Paper Hearts: love in person and love in prose
“Love conquers all.”
Though a cliché and a well-overused one at that, those who’ve found it know this to be true. At the heart of A Curious Matter of Men with Wings is a love story. A love story that, despite so many obstacles, not only comes into being, but manages to save their families, their communities and the world around them. In this way, clichés are simply frequently-used truths, facts we all learn over the course of living on this earth and eventually come to ourselves. The difficulty always is that, while love is among the greatest of human drives, the drive itself is a selfish one, the need to find our own value in someone else’s eyes, to see in another that we ourselves have purpose in occupying our place on this planet. The difficulty always is that the ability to fully love someone takes removing what drives us to get there in the first place. The self.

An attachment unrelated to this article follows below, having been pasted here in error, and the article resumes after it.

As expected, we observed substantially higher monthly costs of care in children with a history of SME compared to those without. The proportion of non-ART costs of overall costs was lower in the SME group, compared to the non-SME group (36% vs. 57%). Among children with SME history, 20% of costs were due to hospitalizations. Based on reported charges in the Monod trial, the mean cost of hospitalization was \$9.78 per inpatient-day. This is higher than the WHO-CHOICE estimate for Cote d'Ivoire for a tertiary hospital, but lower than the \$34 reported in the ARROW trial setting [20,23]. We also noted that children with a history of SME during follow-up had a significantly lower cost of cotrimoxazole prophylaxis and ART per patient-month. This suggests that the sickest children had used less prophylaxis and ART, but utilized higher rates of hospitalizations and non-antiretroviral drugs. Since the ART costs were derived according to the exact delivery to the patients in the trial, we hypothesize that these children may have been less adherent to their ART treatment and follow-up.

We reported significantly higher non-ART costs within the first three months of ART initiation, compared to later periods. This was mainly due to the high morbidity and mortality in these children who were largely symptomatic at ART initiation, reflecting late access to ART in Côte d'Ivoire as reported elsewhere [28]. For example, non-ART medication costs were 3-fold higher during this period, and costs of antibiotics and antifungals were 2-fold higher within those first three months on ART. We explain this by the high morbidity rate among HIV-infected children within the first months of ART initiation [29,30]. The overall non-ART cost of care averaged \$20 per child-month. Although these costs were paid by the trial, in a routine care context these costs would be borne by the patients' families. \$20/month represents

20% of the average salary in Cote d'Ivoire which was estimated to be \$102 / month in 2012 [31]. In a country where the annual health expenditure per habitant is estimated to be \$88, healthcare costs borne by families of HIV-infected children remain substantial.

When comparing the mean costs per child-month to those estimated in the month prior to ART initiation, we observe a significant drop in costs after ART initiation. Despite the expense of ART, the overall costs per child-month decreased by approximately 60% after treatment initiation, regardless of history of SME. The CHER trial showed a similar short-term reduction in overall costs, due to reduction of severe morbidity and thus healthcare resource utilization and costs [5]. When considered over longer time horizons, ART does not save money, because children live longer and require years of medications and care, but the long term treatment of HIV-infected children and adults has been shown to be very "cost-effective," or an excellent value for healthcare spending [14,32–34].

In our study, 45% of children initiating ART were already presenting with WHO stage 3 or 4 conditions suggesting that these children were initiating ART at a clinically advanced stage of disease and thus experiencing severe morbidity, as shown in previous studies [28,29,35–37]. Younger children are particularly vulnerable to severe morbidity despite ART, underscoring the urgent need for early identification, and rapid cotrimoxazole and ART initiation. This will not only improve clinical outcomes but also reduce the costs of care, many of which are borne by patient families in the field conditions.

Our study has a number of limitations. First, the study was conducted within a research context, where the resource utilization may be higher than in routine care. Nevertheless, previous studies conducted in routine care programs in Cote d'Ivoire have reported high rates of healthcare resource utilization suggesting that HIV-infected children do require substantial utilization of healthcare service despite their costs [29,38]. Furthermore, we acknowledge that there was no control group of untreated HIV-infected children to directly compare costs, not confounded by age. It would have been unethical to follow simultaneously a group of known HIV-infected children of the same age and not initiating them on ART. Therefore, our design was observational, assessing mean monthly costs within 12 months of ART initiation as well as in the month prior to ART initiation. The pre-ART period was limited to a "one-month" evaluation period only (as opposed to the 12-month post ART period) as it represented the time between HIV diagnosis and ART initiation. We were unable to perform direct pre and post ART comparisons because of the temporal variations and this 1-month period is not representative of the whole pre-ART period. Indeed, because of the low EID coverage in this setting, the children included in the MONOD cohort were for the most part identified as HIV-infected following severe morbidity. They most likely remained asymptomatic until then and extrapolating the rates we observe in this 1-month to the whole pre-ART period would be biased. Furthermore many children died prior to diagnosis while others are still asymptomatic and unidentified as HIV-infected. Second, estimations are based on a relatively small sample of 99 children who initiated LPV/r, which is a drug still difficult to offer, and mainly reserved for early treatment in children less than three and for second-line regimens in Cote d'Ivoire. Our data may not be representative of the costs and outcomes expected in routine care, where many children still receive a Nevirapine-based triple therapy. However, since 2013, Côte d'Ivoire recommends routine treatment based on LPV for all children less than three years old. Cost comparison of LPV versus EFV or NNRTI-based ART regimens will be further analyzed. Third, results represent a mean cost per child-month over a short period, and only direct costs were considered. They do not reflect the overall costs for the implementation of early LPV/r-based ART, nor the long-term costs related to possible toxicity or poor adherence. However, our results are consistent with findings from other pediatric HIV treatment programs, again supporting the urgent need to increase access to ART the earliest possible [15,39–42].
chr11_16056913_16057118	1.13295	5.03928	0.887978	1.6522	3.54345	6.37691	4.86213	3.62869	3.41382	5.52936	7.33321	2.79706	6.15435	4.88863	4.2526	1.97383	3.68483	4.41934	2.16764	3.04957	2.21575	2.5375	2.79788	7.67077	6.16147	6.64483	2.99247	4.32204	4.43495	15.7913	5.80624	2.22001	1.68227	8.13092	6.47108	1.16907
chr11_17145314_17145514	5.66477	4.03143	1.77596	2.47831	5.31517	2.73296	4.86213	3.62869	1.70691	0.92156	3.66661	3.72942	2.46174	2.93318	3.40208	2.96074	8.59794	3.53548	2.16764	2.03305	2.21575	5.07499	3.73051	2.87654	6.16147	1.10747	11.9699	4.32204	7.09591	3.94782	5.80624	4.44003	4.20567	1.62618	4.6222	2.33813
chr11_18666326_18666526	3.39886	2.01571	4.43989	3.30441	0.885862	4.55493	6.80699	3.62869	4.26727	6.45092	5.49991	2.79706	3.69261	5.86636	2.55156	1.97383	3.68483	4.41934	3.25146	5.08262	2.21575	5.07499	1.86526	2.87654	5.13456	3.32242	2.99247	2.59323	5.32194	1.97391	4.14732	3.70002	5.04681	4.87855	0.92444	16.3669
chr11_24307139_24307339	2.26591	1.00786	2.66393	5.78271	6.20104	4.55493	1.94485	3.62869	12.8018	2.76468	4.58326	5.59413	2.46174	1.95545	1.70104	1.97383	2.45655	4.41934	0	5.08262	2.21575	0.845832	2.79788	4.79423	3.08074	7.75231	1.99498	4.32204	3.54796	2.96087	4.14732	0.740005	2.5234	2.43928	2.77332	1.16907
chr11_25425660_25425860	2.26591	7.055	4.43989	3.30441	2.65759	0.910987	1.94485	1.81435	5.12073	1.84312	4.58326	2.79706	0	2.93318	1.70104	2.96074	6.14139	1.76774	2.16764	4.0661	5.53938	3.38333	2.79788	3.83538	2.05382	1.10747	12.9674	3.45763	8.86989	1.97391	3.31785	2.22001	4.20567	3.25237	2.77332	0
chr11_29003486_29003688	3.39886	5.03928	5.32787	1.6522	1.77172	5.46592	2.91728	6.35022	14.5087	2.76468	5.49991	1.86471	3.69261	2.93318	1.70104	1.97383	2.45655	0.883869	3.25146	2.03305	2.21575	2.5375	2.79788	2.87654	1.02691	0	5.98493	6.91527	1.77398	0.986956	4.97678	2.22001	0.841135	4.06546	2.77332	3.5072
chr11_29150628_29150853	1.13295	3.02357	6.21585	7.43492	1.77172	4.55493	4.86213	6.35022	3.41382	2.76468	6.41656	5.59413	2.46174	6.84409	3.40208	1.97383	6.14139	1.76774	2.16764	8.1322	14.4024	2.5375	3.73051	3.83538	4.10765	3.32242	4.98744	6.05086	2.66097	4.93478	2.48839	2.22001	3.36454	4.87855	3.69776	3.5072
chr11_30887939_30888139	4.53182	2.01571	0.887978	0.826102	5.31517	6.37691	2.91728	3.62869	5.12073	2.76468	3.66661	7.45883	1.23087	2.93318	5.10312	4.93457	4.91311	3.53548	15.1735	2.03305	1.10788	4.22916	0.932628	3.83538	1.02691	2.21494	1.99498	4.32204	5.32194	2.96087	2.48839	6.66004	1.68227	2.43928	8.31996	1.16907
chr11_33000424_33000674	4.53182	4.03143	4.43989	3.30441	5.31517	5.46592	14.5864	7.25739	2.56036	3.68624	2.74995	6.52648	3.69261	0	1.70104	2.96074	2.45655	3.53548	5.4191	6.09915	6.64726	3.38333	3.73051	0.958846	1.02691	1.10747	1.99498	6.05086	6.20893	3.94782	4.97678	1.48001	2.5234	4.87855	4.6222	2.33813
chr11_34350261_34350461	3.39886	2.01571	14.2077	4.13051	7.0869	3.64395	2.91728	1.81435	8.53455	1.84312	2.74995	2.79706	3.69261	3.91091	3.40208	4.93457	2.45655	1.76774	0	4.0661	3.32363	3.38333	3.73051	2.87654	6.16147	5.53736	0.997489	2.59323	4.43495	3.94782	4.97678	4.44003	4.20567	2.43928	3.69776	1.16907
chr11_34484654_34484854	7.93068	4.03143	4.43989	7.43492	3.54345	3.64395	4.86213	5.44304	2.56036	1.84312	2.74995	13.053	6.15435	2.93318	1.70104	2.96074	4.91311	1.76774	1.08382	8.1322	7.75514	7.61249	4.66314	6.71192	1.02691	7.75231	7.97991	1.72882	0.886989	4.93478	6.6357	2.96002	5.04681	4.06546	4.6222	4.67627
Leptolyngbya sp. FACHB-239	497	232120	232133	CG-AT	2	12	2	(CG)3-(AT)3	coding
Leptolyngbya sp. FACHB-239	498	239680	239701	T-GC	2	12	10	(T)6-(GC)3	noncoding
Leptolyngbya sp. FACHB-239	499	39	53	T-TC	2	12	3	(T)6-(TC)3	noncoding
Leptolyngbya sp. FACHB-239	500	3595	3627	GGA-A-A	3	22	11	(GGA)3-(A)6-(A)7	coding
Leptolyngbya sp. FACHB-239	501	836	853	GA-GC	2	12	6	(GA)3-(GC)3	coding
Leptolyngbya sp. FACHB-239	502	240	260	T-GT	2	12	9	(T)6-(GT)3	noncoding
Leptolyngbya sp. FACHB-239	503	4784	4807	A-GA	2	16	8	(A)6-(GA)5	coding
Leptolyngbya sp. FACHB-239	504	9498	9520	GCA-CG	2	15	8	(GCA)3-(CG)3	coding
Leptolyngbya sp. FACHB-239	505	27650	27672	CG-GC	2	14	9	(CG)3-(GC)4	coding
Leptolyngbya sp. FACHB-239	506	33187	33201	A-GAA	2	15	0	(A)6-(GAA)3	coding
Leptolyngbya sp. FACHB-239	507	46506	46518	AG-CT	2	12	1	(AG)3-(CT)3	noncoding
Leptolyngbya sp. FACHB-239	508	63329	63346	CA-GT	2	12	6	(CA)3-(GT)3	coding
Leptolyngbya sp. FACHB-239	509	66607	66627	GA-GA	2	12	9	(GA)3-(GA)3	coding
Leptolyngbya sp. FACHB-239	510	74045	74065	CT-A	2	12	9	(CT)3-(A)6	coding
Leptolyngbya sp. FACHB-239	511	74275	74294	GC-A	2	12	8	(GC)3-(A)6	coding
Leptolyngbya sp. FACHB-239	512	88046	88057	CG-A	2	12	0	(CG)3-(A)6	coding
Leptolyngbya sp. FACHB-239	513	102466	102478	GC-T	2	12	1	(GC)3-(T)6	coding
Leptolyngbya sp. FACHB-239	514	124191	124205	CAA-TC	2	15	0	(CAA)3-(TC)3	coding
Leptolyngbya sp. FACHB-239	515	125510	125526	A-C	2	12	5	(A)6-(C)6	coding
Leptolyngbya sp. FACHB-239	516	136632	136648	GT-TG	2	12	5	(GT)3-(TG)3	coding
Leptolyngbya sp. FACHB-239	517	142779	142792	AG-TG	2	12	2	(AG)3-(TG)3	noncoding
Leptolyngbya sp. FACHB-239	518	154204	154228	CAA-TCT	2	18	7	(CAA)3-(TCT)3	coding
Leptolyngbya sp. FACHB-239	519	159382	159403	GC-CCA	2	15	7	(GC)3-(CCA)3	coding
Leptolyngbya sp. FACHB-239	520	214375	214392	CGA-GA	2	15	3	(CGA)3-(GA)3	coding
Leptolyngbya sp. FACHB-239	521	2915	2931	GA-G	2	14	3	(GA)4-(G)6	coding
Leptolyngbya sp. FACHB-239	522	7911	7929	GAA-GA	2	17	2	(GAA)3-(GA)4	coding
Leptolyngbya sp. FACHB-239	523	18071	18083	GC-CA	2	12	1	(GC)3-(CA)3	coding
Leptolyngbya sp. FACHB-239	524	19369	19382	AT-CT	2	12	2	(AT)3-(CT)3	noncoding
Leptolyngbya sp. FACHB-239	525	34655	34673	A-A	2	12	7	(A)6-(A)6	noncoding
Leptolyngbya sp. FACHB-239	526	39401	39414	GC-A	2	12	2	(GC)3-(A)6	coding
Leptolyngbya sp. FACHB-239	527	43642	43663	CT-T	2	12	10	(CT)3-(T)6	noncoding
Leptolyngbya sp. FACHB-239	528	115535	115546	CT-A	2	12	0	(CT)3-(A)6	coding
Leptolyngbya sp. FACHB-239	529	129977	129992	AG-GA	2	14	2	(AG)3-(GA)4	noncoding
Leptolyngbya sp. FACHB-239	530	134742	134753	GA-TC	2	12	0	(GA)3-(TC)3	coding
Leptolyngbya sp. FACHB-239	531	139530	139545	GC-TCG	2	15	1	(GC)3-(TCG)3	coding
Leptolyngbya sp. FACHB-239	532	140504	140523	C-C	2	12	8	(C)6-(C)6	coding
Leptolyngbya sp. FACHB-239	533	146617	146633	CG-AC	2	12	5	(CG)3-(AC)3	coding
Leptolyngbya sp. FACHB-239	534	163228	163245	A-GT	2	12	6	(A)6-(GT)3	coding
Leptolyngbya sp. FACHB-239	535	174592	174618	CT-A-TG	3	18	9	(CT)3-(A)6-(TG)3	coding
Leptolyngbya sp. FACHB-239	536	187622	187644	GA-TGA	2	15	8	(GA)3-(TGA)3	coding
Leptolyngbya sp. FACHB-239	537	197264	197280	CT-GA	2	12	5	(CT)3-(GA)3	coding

So too is the difficulty of writing a truly unique love story that rings true to a reader, a love story that we all recognize in our own lives. It’s hard to write a love story. It is. But there is a trick to it. And the trick is to be honest about how exactly love exists in our lives. Have your characters come to it out of some selfish need. Then have them stumble through its appearance awkwardly. Then endanger it. And finally, have it save us. The trick is to exact something true from what we all know to be true: Love is a silly thing, a funny thing and the very thing that finally saves us in the end. That is love in person. And that is love on paper.